LDAP authentication uses the lightweight directory access protocol to pass credentials to some LDAP service for authentication. Secure versions of LDAP use encryption to protect creds from being sniffed by an intruder. Windows supports an API called the GSSAPI that can encrypt credentials even when the LDAP protocol is in clear-text.

Now let’s look at how users can be prompted for and provide their username and password to systems.


If you have visited website or tried to access a network resource and a pop-up prompts you for credentials, that is a form of challenge-based authentication. Challenge may use a hashing algorithm (integrated auth) or it may simply pass username and password to the system. Data encryption such as SSL must be used to protect credentials from sniffing.

Form-based authentication (FBA)

Websites use FBA to solicit credentials from users. Users type their username and password into fields on a webpage and POST them for further processing. FBA must use encryption (HTTPS) to protect creds, because the user is directly entering them without any hashing or other local protection.


Token-based authentication can work with either Challenge or FBA to authenticate users against one system, which then issues a token for access to another system. This is commonly implemented in outsourced enterprise applications where the application provider relies on the customer to authenticate their users.

Two-factor authentication

We discussed 2FA in the earlier post, so here we’re just going to discuss the most common varieties. They may be combined with a PIN or even a full password, at the discretion of the admin implementing them, but in all cases require that the user have something physical to serve for authentication.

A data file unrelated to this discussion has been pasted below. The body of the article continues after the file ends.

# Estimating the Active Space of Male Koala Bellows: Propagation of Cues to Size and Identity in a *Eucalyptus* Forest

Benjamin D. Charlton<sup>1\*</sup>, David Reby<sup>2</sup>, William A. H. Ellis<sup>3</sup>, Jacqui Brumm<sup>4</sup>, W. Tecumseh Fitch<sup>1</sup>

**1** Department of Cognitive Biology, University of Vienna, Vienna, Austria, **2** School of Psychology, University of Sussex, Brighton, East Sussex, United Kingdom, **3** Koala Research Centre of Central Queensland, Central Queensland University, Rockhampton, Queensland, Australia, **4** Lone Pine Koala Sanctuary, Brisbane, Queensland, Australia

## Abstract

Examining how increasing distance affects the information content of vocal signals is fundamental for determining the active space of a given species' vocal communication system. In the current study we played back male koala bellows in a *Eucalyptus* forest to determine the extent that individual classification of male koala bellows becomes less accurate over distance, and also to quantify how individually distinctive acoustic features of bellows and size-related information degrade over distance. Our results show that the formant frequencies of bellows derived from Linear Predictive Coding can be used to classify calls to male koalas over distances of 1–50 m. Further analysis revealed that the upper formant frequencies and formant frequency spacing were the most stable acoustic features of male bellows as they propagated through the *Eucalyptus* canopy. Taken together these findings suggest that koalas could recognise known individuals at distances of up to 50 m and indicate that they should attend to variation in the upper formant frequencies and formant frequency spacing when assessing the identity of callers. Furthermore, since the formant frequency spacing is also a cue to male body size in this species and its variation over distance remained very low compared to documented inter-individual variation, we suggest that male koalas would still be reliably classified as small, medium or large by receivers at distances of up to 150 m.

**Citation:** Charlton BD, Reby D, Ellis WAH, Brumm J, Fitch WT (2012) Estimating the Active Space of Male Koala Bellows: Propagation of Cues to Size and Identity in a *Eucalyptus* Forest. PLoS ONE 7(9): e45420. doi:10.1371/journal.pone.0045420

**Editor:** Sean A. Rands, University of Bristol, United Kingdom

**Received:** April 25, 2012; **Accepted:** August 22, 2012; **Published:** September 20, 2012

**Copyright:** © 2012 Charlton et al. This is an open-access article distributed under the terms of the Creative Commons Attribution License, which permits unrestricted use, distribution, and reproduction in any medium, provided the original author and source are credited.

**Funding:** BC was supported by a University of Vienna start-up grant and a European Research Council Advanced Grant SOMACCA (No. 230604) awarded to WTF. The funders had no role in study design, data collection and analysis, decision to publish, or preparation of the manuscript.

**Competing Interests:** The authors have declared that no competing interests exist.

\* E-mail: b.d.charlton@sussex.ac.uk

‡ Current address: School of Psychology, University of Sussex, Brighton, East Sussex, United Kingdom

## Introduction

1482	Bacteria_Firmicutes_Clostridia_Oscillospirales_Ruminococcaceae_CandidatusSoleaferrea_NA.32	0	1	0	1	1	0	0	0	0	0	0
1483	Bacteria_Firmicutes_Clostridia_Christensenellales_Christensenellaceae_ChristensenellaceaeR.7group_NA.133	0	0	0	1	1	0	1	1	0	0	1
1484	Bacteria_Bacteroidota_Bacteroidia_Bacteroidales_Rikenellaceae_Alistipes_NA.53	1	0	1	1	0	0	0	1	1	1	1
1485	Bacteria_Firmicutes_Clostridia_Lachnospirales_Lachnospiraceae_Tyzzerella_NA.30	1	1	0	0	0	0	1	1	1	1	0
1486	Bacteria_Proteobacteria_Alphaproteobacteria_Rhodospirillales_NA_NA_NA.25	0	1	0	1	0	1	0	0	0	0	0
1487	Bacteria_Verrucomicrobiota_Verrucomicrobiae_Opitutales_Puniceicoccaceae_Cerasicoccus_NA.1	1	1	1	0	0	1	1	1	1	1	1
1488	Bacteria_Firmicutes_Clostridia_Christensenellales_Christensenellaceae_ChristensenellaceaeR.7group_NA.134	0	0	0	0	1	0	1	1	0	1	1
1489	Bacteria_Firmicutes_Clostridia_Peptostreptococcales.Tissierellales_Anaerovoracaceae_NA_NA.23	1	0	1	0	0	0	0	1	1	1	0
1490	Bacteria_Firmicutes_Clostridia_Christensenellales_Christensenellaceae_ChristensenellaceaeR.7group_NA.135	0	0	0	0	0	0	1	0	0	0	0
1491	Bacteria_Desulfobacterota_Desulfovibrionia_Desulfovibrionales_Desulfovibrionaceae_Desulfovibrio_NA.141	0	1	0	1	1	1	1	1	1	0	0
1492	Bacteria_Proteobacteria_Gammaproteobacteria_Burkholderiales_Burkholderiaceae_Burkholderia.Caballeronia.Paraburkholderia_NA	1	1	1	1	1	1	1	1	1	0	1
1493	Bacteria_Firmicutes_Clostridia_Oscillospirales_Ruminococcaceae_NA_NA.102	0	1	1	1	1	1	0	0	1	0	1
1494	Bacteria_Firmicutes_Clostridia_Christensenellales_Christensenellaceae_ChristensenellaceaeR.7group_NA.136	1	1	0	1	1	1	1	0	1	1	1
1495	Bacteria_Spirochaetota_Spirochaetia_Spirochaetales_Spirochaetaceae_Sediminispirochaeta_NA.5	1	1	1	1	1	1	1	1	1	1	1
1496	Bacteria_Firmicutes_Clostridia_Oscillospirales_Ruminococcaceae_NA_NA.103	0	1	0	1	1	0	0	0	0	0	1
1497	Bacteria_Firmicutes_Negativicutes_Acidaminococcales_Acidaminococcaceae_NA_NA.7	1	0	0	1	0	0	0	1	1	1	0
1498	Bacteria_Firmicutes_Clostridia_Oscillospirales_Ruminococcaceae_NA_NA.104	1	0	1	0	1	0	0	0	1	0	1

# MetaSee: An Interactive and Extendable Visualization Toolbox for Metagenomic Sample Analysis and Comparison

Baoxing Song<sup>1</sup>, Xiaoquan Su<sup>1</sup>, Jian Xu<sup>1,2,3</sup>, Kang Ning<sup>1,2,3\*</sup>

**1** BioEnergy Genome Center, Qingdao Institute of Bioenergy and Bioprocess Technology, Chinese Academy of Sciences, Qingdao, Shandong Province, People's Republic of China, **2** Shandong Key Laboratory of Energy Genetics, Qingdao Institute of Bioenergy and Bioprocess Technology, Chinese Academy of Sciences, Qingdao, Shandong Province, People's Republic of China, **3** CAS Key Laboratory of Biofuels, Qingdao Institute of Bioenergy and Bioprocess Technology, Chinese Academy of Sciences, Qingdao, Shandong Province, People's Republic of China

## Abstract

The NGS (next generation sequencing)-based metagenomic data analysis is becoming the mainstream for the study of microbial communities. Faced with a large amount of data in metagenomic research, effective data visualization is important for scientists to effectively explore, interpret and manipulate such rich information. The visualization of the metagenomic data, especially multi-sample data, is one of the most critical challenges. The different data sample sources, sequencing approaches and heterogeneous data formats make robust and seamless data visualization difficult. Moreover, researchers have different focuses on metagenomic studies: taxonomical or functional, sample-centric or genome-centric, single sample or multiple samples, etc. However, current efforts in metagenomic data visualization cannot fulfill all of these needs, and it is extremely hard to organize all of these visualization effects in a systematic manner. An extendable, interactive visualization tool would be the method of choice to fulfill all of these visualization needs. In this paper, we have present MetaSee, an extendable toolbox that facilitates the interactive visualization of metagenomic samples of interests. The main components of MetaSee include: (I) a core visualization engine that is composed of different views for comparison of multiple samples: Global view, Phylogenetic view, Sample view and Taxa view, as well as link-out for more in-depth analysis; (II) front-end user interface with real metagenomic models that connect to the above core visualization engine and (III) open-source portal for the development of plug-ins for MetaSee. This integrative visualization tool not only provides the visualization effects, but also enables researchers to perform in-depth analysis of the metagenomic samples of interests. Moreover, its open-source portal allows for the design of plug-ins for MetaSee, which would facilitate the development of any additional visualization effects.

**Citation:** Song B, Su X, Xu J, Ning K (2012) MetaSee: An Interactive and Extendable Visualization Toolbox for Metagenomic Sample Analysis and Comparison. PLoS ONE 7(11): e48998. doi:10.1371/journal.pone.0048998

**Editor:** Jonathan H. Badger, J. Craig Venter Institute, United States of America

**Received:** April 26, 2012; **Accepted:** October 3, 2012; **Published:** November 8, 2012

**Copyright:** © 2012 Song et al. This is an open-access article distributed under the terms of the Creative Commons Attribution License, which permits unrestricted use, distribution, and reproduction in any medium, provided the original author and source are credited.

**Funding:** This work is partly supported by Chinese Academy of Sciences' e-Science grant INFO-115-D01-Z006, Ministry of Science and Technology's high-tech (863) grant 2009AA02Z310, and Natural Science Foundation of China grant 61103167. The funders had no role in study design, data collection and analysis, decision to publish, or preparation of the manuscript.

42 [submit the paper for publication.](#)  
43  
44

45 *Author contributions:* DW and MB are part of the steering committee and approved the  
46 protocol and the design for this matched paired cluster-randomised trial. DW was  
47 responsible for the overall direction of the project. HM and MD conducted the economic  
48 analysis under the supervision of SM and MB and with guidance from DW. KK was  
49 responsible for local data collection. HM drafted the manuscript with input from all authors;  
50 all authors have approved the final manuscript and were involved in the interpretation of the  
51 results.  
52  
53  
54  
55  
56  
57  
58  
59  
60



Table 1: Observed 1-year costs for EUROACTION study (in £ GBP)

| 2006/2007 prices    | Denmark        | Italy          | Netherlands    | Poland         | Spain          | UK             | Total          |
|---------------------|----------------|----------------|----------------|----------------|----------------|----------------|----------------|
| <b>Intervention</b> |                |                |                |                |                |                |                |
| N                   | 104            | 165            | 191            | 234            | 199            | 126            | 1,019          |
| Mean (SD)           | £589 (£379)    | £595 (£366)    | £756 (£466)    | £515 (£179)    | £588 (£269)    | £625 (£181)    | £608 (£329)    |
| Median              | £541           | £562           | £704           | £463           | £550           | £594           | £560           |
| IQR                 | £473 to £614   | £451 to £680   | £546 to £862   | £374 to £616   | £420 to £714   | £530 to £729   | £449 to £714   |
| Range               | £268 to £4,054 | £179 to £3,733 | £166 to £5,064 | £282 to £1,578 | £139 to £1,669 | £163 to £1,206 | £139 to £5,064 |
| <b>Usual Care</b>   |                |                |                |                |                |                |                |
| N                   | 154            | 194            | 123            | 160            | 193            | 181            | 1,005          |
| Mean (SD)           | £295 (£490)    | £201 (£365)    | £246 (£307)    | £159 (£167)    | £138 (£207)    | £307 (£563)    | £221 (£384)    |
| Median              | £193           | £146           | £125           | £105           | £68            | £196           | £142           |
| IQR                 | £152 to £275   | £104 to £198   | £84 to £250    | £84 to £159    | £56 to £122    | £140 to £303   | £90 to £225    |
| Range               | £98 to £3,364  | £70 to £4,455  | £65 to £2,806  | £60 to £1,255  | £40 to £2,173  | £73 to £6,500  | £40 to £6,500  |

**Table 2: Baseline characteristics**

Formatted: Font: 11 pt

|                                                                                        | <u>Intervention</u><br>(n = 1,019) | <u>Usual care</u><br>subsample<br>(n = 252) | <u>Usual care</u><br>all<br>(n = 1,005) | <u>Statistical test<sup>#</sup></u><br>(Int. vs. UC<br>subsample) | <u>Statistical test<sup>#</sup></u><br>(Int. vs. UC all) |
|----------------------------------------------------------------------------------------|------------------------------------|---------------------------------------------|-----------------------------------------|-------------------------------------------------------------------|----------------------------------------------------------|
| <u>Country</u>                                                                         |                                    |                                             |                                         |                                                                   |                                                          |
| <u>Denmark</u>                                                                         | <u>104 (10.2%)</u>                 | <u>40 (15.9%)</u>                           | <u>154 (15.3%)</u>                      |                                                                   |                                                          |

Certificate authentication

Certificate-based authentication uses a certificate in the possession of the user to prove identity. That certificate may be stored on the local machine in the certificate store or on a file, on a USB key or on a chip in a smartcard (see below.) In any event, the user must go through a process to prove their identity to the certificate authority, who then can issue a certificate to the user which will be trusted by whatever system requires the authentication. Certificate authentication is used for accessing networks (802.1x), websites and when used with smartcards, operating systems and internal applications.


Biometric authentication relies on some physical attribute of the user. This can be a fingerprint, hand geometry, iris or retina scan, voice recognition or facial recognition. Some piece of hardware is required to capture the biometric data, which is then compared to a database for a match to authenticate the user.


Smartcards contain a chip that stores one or more certificates for a user. The user must know a PIN to unlock the chip before a certificate can be presented to an authentication request. Smartcards can be used for local authentication, network authentication and both internal and external application authentication. In the civilian world, smartcards are simply called smartcards, but in the US government space, they are referred to as a Personal Identity Verification (PIV) card and in the military as a Common Access Card (CAC.) Smartcards may also contain NFC, RFID and/or magnetic strips for use with other systems including various physical access and proximity systems.

One-time password (OTP) with PIN

The last common type of 2FA is the OTP token. These can be physical devices known as fobs, such as those from RSA or they can be software on mobile phones. In any event, OTPs generate a six- to eight-digit number that changes once every minute and that, when combined with a PIN, can be used to authenticate the user only during that brief time-frame. The numbers are not random, but have proven to be practically impossible to predict, requiring that the user have physical possession of the device to get the number, and to enter it along with a PIN in a very short timeframe. These are very popular in cases where hardware or software to read other factors, like smartcards or biometrics are not available.

In part three, we look at way to protect authentication. You can read part one here.